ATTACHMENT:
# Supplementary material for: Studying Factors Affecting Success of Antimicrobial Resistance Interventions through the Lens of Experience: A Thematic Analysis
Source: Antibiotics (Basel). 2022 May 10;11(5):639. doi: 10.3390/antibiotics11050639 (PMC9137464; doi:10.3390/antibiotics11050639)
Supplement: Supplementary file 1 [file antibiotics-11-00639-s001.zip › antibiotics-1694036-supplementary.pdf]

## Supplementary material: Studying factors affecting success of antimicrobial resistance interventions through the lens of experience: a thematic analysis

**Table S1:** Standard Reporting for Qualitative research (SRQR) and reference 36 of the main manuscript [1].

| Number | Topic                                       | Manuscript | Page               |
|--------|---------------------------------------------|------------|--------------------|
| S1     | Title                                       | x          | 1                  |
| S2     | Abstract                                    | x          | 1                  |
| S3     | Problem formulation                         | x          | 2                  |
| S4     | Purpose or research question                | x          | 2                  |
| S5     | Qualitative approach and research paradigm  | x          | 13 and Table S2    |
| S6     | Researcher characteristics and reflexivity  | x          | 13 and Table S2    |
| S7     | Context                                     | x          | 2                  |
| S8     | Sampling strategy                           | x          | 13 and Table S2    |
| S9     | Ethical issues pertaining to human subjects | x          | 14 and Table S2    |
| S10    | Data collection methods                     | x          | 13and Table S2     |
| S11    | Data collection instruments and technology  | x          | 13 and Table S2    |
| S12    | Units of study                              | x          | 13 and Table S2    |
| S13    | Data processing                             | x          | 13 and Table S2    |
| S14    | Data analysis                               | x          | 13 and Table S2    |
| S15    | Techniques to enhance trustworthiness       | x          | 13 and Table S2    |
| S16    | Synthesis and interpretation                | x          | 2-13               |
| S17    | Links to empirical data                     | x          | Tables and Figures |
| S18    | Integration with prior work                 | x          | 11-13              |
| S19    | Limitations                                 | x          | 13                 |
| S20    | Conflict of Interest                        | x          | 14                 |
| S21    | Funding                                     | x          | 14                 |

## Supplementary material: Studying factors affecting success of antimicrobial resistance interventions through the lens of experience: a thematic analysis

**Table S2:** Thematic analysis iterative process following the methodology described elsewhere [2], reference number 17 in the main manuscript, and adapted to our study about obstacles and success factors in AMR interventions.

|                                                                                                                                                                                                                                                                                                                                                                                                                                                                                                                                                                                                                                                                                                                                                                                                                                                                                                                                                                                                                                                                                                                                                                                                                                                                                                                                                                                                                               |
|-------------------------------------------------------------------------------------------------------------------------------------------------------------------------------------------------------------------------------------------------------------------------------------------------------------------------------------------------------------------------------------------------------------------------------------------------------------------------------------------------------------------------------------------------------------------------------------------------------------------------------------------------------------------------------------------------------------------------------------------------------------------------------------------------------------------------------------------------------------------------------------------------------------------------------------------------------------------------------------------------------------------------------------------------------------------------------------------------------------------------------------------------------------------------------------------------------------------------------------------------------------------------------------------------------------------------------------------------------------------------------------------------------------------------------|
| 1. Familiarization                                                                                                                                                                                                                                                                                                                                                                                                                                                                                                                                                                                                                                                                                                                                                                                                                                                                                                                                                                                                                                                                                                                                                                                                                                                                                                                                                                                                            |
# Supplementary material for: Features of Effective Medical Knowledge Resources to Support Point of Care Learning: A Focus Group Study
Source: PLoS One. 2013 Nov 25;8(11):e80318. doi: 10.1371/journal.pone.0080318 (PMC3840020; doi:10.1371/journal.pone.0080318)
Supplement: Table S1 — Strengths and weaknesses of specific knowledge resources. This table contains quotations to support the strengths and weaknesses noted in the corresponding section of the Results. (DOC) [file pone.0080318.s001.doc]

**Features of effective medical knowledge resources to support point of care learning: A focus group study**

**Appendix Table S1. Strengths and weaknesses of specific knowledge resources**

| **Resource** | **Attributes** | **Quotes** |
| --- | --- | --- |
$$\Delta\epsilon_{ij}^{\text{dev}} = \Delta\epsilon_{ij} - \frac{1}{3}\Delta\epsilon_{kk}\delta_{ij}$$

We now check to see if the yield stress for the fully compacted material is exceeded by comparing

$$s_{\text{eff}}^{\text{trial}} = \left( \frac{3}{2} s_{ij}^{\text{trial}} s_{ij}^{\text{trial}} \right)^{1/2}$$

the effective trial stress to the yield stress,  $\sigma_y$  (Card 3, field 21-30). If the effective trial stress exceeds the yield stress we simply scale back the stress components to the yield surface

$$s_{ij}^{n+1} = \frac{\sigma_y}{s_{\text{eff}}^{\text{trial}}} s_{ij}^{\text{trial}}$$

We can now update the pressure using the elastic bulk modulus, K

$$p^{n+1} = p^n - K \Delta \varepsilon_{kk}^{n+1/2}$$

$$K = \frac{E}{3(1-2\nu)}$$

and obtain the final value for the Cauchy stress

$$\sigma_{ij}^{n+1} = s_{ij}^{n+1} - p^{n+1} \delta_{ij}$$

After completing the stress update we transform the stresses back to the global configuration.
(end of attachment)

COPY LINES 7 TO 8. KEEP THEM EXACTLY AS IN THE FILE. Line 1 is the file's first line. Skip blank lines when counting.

|--------|---------------------------------------------|------------|--------------------|
| S1     | Title                                       | x          | 1                  |